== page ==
In its recently released report, Foundations Respond to Crisis: Lasting Change?, the Center for Effective Philanthropy (CEP) shared new research in which foundations reported working differently now than in early 2020 — and indicated plans to sustain most of these changes. The report reveals numerous areas of change in foundation practice and in leaders’ plans for the future, as well as some disconnects, barriers, and additional opportunities for further change. This is the fifth in a series of blog posts in which members of CEP’s research team share further data and insights that the research revealed, beyond what was included in the report. Find other posts in this series here.
A popular saying goes “Before you judge a person, walk a mile in their shoes.” We would like to offer a modified version of this saying: “Before you help a nonprofit organization, walk a mile in their shoes.”
CEP’s recent report, Foundations Respond to Crisis: Lasting Change?, found that many foundation leaders say they have changed their practices since 2020. While we don’t see differences by funder type, geography, or size (which is pretty typical), we did find some factors that play a role in the extent to which funders are making change. One such factor, a key finding in the report, is board racial diversity: Foundations that have boards with more racial diversity tend to adopt more practices to support grantees and the communities they serve.
Additionally, our analysis surfaced another characteristic that relates to the extent to which foundations are changing their practices: whether or not foundation leaders have prior experience working at a grant-seeking nonprofit.
Just over three-quarters of the 284 participants in our study said that they have worked at a grant-seeking nonprofit.
Our analysis surfaced a consistent pattern of statistically significant differences — across a number of dimensions of funder practices — in the way foundation CEOs who have experience working at grant-seeking nonprofits have changed their foundation’s practices since 2020, compared to CEOs without experience working at a nonprofit.
Further, even as most foundation leaders told us that they streamlined processes and provided more unrestricted support — changes they say they plan to sustain — we found that foundation leaders with prior experience working at grant-seeking nonprofits more frequently reported streamlining their application process to reduce the burden on applicants and grantees. (When it comes to streamlining reporting processes, interestingly, we did not find differences in practice based on whether the CEO had nonprofit work experience.)
And while the majority of foundation leaders said they are providing a higher percentage of unrestricted grant dollars compared to pre-pandemic giving levels, leaders with prior nonprofit experience were more likely to say that the foundation has made providing general operating support (GOS) an organizational priority after the pandemic is contained.
Finally, while most foundation leaders in our study said that their foundation does not currently collect demographic data from grantees, leaders who had worked previously at a grant-seeking nonprofit more frequently indicated that they do collect grantee demographic information.
Importantly, we are not claiming causality. Rather, we are noting a clear pattern between foundation leaders having prior experience working at a grant-seeking nonprofit and the extent to which we observe changes in funder practice.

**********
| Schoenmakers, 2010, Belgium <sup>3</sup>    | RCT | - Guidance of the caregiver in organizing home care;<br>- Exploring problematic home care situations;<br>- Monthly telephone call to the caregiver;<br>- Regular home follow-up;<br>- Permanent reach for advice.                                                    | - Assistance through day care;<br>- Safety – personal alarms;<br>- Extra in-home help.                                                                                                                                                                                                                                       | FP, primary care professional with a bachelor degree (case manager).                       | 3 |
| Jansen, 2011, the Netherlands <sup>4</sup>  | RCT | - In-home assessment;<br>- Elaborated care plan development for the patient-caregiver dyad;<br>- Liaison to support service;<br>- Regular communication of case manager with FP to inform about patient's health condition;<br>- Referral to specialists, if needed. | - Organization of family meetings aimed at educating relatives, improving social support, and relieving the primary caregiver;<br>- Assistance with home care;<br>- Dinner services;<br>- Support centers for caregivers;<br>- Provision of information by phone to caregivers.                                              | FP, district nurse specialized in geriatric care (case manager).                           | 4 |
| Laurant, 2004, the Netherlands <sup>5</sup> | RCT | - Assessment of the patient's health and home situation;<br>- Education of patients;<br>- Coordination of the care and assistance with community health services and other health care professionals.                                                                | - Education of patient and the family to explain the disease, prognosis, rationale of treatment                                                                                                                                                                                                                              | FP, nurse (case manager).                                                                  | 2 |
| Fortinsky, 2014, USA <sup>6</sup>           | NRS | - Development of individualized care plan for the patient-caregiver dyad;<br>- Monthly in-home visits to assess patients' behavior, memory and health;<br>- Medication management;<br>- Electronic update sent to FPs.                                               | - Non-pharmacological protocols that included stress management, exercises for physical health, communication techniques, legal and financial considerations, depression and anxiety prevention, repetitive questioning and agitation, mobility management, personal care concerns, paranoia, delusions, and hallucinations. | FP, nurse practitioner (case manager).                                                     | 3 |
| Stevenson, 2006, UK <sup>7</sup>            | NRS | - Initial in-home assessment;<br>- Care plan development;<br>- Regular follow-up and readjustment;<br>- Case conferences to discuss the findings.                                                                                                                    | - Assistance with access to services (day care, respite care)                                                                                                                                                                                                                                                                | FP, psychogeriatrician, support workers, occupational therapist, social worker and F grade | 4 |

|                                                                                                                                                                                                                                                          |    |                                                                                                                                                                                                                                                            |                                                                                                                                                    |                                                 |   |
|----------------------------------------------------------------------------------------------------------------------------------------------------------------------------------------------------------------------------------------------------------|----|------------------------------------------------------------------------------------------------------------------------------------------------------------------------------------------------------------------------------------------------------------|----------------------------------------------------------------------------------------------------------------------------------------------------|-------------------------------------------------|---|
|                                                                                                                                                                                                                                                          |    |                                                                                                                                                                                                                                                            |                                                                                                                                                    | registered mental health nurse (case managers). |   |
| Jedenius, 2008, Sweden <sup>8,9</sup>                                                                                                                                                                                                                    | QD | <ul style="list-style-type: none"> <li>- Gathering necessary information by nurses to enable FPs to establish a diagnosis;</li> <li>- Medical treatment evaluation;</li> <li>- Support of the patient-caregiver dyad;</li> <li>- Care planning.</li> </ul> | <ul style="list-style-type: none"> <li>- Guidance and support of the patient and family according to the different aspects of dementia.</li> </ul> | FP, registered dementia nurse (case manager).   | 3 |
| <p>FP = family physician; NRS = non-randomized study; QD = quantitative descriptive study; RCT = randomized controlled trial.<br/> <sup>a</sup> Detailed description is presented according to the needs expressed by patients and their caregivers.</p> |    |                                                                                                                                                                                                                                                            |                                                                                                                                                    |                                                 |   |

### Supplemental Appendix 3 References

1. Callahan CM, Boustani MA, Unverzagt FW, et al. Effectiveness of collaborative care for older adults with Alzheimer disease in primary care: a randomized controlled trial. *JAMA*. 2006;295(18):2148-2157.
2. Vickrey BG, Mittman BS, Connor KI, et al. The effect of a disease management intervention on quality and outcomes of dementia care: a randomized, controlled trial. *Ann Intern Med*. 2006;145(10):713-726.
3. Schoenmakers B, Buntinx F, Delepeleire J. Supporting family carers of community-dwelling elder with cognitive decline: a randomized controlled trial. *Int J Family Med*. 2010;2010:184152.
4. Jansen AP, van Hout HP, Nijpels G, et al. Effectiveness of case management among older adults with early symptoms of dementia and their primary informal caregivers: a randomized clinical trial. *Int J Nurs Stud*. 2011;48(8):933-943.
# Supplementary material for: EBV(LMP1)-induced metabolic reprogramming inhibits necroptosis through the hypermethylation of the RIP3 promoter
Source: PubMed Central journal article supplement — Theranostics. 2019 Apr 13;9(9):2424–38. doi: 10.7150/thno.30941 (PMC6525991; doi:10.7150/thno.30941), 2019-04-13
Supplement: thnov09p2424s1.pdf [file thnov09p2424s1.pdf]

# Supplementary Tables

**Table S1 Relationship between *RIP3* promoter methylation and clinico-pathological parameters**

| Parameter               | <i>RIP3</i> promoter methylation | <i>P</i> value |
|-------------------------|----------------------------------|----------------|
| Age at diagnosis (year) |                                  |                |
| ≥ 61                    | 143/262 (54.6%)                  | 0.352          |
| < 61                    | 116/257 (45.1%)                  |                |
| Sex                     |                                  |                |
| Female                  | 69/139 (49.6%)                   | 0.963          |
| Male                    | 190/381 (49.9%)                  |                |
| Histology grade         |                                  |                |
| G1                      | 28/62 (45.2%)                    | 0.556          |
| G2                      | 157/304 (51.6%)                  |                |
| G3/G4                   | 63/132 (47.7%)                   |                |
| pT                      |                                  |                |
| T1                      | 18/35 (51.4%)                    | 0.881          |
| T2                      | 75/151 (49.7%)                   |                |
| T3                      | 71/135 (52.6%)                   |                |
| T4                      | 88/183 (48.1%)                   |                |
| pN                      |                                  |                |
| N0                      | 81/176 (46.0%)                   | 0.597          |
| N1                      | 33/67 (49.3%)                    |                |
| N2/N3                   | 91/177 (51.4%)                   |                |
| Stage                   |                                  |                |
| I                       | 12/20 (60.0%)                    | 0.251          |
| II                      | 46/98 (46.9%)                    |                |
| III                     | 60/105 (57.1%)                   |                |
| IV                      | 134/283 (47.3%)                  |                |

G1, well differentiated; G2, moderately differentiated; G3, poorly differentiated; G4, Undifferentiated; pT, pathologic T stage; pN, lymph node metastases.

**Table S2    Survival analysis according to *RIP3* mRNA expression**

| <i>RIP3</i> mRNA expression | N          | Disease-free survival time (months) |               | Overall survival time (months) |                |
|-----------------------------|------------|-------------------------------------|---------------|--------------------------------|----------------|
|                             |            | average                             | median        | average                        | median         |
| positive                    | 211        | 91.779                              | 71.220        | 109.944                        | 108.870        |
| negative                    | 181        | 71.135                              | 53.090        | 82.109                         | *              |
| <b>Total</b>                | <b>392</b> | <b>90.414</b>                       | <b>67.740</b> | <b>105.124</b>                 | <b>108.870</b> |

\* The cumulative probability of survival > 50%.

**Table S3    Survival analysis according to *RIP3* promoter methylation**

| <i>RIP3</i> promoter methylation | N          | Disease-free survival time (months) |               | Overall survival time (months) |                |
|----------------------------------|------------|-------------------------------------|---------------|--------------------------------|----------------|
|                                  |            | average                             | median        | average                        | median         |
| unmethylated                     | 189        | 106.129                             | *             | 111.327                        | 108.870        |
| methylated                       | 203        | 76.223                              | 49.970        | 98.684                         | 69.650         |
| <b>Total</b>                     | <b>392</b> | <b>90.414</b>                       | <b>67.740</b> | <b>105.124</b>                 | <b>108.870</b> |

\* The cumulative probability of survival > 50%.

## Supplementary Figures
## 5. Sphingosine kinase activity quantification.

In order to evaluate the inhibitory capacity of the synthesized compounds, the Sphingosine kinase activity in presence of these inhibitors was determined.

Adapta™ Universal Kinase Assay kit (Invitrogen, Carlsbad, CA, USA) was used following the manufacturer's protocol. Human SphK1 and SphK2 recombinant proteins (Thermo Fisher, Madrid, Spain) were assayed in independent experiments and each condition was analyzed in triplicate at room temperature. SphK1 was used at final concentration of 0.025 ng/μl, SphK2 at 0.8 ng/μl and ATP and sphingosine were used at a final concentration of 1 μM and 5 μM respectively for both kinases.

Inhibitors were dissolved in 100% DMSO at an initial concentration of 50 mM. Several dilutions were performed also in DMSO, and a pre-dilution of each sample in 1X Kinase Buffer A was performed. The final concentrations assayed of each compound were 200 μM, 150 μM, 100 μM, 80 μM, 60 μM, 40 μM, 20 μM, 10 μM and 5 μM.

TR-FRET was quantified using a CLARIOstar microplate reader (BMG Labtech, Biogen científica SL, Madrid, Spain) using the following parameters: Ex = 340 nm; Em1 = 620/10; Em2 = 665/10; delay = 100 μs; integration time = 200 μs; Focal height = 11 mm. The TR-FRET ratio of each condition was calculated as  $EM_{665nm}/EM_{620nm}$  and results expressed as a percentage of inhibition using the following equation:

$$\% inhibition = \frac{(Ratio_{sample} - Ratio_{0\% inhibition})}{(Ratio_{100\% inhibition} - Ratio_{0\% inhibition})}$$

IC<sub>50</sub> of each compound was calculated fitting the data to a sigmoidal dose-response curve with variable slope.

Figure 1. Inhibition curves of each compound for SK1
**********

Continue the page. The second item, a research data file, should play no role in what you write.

And we are certainly not the only ones to make such observations on the topic of foundation leaders and staff having prior nonprofit experience. Vu Le, author of Nonprofit AF, has repeatedly called on nonprofits and foundations alike to hire people with nonprofit experience. “If you plan to hire anyone who will advise, give money to, or otherwise have any say in how nonprofits run,” he wrote in a 2019 blog post, “please make sure they have some experience working at a nonprofit.”
As Moira Sinclair, chief executive at the London-based Paul Hamlyn Foundation — and a leader with experience at grant-seeking nonprofits — reflected in a 2020 CEP profile about the foundation’s higher than typical provision of the sought-after multi-year GOS grants, “Having staff with recent, direct experience working in the nonprofit sector has really informed our practice.”
Nonprofit leaders also take note when foundation leaders know what it’s like to run a nonprofit organization. In a recent interview with us, a nonprofit leader described the unique challenges of nonprofit work and the frustration of navigating difficult funders and onerous processes. This leader noted how important it is that funders “see it from the other side, as a grantee,” and suggested that “maybe more foundations should hire former nonprofit workers.’”
Indeed, maybe they should.
Maria Lopez is an analyst, research at CEP. Naomi Orensten is director, research at CEP.
 Some points of not quite apples-to-apples comparisons: A 2010 study published by The Foundation Review found that between 2004-2008, 25 percent of foundation CEOs had immediate prior experience working at a nonprofit organization. A 2015 CEP review of the 100 largest foundations in the United States found that out of 100 foundation CEOs, only 10 had immediate previous experience at an operating nonprofit that wasn’t a college or university. In 2012, that number was 14. These examples used different parameters and reference points than this study, so they are not a direct comparison, though do provide additional context.